How Long Does Pentoxifylline Take to Work?

Pentoxifylline enters the bloodstream within four hours and starts working. It is absorbed faster in the presence of food. While your symptoms may improve within two to four weeks, it is recommended that treatment continues for at least eight weeks.

What Are the Side Effects of Pentoxifylline?

This is not a complete list of side effects and others may occur. A healthcare provider can advise you on side effects. If you experience other effects, contact your healthcare provider. You may report side effects to the FDA at fda.gov/medwatch or 800-FDA-1088.

Common Side Effects

Common side effects of pentoxifylline include:

  • Upset stomach or indigestion (dyspepsia)
  • Nausea or vomiting
  • Headache
  • Dizziness 

Severe Side Effects

Call your healthcare provider right away if you have serious side effects. Call 911 immediately if your symptoms feel life-threatening or if you think you or someone else is having a medical emergency.

In some cases, chest pain and arrhythmia (irregular heartbeat) can occur with pentoxifylline. Let your healthcare provider know if you experience these side effects, as they can be severe.

Report Side Effects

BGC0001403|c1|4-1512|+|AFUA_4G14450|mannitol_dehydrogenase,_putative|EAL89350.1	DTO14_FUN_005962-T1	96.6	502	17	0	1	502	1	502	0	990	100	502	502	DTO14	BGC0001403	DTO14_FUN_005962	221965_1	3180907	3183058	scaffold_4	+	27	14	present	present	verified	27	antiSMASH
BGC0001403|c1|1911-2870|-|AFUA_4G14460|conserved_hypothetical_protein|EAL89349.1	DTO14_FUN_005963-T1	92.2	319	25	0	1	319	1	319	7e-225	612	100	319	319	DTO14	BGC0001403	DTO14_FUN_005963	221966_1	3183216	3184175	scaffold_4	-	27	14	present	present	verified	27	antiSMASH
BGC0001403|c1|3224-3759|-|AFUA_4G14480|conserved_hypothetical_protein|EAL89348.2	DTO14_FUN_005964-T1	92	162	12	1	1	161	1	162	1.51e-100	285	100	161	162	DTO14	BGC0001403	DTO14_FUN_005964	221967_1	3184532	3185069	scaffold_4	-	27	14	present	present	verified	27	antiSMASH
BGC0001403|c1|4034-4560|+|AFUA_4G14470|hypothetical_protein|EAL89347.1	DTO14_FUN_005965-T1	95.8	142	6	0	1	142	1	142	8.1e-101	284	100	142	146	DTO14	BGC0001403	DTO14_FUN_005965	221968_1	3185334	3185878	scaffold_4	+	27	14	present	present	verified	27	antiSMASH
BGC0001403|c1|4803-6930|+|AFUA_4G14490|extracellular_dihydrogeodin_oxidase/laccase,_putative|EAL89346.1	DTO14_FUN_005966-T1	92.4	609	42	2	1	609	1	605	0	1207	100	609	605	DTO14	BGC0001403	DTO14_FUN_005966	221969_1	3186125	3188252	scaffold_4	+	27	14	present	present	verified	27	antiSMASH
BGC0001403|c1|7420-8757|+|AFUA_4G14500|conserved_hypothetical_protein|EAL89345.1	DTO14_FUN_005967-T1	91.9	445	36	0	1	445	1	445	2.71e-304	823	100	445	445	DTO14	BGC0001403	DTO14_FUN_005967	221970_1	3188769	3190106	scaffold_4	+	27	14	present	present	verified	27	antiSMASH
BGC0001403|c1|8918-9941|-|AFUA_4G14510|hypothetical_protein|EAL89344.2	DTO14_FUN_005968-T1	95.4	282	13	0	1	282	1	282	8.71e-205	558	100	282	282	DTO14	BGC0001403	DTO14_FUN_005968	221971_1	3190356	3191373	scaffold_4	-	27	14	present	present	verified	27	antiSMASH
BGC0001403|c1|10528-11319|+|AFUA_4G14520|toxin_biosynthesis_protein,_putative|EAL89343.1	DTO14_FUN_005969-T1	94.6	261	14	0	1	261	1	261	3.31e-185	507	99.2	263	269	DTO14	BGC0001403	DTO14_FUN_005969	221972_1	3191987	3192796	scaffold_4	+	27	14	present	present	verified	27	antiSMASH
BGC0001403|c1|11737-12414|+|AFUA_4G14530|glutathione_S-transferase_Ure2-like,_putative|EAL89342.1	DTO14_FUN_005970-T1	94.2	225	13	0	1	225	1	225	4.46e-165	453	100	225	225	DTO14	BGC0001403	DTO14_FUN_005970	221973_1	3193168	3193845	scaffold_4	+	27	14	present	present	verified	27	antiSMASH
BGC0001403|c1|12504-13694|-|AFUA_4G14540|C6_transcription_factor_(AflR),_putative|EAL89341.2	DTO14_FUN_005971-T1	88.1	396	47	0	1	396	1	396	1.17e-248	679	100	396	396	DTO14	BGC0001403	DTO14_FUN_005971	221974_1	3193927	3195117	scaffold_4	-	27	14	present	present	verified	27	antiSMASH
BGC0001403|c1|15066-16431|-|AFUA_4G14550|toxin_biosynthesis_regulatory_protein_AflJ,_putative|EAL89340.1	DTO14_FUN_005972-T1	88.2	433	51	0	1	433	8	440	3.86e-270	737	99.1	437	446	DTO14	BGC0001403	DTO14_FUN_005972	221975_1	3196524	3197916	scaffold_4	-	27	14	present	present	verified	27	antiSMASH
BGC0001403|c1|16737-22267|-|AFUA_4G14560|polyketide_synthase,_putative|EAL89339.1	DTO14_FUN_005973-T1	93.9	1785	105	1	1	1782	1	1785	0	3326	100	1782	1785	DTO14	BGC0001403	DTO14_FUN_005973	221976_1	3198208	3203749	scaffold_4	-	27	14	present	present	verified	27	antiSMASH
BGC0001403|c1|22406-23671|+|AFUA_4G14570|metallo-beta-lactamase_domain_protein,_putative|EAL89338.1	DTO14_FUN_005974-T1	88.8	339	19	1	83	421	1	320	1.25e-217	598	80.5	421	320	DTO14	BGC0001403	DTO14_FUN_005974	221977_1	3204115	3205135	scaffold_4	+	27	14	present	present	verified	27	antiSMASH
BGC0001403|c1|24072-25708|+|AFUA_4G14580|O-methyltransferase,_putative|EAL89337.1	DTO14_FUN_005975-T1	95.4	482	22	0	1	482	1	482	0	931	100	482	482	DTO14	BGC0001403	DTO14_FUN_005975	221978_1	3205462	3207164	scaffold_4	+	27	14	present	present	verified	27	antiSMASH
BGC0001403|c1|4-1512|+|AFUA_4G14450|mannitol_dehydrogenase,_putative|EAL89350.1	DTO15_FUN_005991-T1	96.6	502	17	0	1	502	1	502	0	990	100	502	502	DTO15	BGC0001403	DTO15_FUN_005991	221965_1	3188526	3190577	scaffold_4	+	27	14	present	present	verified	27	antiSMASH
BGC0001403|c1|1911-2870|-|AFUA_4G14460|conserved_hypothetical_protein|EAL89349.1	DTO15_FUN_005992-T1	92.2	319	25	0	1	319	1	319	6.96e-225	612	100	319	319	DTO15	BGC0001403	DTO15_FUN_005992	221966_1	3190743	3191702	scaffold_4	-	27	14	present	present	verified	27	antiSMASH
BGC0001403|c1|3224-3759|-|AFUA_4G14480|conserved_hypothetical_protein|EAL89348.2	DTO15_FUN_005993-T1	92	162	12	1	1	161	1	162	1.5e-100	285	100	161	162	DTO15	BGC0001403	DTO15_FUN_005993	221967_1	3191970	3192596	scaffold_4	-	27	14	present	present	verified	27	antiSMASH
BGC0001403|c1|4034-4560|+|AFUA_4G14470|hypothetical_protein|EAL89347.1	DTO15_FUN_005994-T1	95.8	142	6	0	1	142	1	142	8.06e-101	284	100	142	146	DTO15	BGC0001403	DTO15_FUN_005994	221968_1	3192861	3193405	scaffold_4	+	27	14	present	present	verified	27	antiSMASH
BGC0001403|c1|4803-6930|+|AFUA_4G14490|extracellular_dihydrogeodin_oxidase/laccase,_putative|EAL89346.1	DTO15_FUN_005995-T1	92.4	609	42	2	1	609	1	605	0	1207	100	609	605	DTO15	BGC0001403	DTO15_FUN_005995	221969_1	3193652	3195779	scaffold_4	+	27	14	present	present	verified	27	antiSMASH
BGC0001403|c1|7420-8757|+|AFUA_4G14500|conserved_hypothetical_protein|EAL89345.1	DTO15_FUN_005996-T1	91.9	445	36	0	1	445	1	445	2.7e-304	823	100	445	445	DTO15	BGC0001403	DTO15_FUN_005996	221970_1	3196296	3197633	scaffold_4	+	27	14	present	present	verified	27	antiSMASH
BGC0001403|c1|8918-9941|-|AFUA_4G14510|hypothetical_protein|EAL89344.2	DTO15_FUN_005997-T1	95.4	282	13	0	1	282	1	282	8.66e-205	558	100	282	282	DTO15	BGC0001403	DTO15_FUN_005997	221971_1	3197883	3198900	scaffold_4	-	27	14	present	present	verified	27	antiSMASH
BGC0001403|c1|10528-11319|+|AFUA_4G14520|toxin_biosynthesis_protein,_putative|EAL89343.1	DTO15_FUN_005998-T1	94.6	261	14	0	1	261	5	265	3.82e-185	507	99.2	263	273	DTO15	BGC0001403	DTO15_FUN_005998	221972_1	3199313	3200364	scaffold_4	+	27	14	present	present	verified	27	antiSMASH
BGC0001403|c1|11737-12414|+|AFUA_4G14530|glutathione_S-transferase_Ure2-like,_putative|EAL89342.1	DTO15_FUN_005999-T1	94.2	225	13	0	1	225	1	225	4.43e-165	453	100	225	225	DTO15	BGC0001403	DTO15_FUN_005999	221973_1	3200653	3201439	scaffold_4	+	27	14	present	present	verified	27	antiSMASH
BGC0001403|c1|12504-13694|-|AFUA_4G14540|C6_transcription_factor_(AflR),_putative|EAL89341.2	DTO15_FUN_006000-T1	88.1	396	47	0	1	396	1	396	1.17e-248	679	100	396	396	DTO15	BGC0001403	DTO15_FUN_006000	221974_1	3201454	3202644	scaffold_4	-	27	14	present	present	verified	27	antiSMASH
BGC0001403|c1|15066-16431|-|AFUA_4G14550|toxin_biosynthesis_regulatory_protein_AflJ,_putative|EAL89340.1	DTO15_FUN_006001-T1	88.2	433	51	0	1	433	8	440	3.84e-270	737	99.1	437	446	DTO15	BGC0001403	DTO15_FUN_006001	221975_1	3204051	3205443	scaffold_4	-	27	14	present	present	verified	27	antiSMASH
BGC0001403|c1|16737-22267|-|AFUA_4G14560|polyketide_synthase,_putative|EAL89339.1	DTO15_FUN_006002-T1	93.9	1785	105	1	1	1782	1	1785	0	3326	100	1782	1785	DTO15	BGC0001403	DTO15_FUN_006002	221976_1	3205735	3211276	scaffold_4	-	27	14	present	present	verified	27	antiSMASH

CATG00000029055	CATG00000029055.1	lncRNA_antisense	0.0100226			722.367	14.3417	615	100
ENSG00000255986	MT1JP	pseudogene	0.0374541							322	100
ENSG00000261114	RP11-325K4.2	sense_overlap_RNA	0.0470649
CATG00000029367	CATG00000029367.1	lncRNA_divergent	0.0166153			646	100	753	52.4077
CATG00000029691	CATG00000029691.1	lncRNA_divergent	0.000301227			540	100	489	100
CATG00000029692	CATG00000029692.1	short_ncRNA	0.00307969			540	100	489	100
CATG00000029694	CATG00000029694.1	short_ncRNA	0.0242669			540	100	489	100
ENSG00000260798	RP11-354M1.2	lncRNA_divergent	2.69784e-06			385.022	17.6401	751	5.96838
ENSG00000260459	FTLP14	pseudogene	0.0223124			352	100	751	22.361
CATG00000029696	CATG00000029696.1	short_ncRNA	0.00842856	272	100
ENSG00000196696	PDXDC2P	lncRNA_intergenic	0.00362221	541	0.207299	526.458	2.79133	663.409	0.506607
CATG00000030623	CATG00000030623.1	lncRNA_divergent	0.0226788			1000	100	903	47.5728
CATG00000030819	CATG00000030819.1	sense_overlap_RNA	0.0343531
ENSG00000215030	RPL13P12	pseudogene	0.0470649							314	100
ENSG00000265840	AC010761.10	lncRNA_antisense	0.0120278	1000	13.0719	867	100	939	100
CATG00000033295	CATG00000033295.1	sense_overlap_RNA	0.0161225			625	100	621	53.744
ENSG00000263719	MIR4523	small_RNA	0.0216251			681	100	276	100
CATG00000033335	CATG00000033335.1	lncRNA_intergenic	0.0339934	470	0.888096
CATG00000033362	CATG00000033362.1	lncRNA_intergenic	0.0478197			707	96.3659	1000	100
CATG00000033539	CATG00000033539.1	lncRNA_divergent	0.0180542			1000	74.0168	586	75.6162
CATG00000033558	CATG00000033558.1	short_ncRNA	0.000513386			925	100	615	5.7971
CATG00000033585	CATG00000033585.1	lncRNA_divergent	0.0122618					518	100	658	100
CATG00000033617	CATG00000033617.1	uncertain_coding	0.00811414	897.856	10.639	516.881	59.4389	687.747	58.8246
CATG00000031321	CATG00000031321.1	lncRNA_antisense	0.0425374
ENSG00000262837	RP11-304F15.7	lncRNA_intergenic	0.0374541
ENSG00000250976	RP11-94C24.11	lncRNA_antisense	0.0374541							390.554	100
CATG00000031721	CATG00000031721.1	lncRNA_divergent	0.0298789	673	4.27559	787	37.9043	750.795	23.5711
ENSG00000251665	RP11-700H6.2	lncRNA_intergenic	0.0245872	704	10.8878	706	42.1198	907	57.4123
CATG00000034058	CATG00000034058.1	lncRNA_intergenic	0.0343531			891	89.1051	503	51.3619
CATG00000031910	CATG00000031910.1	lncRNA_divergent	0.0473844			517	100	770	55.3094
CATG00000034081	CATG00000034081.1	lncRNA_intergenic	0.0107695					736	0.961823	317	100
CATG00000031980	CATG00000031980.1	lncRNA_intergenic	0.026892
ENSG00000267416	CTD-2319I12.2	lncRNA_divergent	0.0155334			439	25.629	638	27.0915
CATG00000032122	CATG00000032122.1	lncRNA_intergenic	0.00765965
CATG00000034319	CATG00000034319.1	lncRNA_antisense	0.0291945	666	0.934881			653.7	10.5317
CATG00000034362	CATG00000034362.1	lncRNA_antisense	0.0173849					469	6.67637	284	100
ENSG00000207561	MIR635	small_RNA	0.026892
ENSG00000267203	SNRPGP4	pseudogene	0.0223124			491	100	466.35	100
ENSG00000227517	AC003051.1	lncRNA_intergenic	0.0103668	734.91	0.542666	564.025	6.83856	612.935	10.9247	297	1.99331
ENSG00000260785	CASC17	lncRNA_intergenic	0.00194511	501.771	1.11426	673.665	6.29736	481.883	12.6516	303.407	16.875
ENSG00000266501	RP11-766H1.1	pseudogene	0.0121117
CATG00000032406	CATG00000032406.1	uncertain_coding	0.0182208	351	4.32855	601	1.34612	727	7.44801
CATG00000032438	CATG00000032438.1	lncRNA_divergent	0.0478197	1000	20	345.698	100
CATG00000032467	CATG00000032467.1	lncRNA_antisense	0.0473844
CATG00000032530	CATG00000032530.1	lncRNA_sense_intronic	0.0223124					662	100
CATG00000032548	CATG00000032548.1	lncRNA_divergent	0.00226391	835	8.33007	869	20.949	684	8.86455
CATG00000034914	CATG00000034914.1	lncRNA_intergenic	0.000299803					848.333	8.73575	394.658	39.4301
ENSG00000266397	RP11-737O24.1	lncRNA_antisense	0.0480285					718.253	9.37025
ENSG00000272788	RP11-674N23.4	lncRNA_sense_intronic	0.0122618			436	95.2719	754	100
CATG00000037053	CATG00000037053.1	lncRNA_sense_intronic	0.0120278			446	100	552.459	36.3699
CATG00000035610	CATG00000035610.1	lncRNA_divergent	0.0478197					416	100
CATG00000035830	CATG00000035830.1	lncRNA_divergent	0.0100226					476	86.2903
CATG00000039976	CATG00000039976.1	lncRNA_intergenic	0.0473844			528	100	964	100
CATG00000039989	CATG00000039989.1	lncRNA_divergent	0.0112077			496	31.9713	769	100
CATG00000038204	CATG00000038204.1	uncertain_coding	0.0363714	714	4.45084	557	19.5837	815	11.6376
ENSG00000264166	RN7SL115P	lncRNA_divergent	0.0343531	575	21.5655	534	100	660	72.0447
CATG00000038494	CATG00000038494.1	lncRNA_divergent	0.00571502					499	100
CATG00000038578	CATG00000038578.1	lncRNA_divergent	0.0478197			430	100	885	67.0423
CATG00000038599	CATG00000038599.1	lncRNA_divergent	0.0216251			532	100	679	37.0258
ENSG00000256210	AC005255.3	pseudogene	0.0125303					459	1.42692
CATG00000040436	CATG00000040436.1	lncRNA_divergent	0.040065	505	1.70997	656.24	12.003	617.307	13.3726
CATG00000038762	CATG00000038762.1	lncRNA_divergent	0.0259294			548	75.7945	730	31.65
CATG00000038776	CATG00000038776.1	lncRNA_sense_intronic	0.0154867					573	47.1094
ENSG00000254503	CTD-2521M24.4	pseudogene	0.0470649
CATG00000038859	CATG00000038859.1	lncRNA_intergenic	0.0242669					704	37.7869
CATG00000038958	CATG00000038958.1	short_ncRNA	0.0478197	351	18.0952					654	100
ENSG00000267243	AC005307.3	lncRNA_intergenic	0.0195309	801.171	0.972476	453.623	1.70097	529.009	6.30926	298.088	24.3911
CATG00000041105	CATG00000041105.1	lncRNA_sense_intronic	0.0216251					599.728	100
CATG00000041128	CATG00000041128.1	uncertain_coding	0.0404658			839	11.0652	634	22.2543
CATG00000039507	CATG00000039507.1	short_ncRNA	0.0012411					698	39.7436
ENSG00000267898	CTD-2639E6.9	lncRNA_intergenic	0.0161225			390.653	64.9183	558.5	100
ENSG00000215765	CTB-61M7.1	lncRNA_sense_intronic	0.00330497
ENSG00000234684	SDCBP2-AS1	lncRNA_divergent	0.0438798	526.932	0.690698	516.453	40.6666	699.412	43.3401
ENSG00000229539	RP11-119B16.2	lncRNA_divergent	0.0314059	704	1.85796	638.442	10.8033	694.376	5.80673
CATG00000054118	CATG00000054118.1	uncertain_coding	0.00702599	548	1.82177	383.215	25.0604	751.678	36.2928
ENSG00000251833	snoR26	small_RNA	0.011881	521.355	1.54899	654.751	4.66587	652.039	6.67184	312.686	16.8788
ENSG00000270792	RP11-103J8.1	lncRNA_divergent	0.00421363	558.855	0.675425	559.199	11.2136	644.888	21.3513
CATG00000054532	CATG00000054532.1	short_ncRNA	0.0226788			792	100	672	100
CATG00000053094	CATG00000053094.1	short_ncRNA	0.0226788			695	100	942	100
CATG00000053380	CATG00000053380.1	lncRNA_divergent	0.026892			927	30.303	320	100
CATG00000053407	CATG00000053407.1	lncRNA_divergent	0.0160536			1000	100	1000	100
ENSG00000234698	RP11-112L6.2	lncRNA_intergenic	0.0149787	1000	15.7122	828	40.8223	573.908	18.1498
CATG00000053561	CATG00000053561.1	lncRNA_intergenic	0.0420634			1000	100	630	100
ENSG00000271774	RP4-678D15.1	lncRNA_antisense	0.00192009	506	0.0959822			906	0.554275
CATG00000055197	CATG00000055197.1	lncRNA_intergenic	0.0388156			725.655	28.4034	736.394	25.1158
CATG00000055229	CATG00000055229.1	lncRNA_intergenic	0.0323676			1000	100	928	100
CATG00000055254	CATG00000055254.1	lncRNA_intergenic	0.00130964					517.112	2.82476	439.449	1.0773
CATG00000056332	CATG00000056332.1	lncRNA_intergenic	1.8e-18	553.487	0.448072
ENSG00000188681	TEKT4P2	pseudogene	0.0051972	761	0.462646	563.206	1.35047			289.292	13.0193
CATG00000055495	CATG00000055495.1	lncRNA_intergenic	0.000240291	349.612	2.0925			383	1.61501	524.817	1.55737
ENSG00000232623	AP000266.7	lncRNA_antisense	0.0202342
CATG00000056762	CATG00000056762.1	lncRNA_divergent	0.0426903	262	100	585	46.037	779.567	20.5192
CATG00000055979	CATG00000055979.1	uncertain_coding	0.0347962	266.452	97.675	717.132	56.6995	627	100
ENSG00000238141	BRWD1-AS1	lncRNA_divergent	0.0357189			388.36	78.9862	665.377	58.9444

Pentoxifylline may cause other side effects. Call your healthcare provider if you have any unusual problems while taking this medication.

If you experience a serious side effect, you or your provider may send a report to the FDA'S MedWatch Adverse Event Reporting Program or by phone (800-332-1088).

Dosage: How Much Pentoxifylline Should I Take?

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The dose of this medicine will be different for different patients. Follow your doctor's orders or the directions on the label. The following information includes only the average doses of this medicine. If your dose is different, do not change it unless your doctor tells you to do so.

The amount of medicine that you take depends on the strength of the medicine. Also, the number of doses you take each day, the time allowed between doses, and the length of time you take the medicine depend on the medical problem for which you are using the medicine.

  • For oral dosage form (extended-release tablets):
    • For peripheral vascular disease (circulation problems):
      • Adults—400 milligrams (mg) two to three times a day, taken with meals.
      • Children—Use must be determined by your doctor.

Modifications

Certain factors may affect how you take this medication, such as:

  • Pregnancy
  • Breastfeeding
  • Kidney disease

Pregnancy

Tell your healthcare provider if you are pregnant or plan to become pregnant while using this medication. It is unknown whether pentoxifylline will harm the fetus if taken during pregnancy. Your healthcare provider will advise you on how to continue with your treatment.

Breastfeeding